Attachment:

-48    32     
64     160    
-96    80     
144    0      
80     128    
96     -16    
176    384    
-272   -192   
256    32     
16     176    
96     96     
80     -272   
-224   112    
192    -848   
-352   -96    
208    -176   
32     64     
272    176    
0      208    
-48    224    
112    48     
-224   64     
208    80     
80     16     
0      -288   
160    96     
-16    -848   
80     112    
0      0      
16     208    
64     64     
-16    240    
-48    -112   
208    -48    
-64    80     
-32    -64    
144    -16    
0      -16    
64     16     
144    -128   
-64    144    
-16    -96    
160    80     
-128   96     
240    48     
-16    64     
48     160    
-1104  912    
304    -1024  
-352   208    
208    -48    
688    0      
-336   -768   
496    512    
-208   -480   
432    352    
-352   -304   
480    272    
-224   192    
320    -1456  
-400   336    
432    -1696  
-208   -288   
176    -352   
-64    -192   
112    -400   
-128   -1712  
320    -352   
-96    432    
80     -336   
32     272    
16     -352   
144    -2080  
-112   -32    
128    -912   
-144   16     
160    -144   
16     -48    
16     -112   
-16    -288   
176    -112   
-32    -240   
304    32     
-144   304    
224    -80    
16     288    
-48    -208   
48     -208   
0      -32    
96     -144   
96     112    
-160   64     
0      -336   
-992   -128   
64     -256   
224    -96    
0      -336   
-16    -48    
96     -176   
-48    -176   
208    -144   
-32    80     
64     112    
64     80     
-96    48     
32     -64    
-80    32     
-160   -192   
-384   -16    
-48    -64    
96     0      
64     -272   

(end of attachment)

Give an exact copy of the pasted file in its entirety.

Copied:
-48    32     
64     160    
-96    80     
144    0      
80     128    
96     -16    
176    384    
-272   -192   
256    32     
16     176    
96     96     
80     -272   
-224   112    
192    -848   
-352   -96    
208    -176   
32     64     
272    176    
0      208    
-48    224    
112    48     
-224   64     
208    80     
80     16     
0      -288   
160    96     
-16    -848   
80     112    
0      0      
16     208    
64     64     
-16    240    
-48    -112   
208    -48    
-64    80     
-32    -64    
144    -16    
0      -16    
64     16     
144    -128   
-64    144    
-16    -96    
160    80     
-128   96     
240    48     
-16    64     
48     160    
-1104  912    
304    -1024  
-352   208    
208    -48    
688    0      
-336   -768   
496    512    
-208   -480   
432    352    
-352   -304   
480    272    
-224   192    
320    -1456  
-400   336    
432    -1696  
-208   -288   
176    -352   
-64    -192   
112    -400   
-128   -1712  
320    -352   
-96    432    
80     -336   
32     272    
16     -352   
144    -2080  
-112   -32    
128    -912   
-144   16     
160    -144   
16     -48    
16     -112   
-16    -288   
176    -112   
-32    -240   
304    32     
-144   304    
224    -80    
16     288    
-48    -208   
48     -208   
0      -32    
96     -144   
96     112    
-160   64     
0      -336   
-992   -128   
64     -256   
224    -96    
0      -336   
-16    -48    
96     -176   
-48    -176   
208    -144   
-32    80     
64     112    
64     80     
-96    48     
32     -64    
-80    32     
-160   -192   
-384   -16    
-48    -64    
96     0      
64     -272   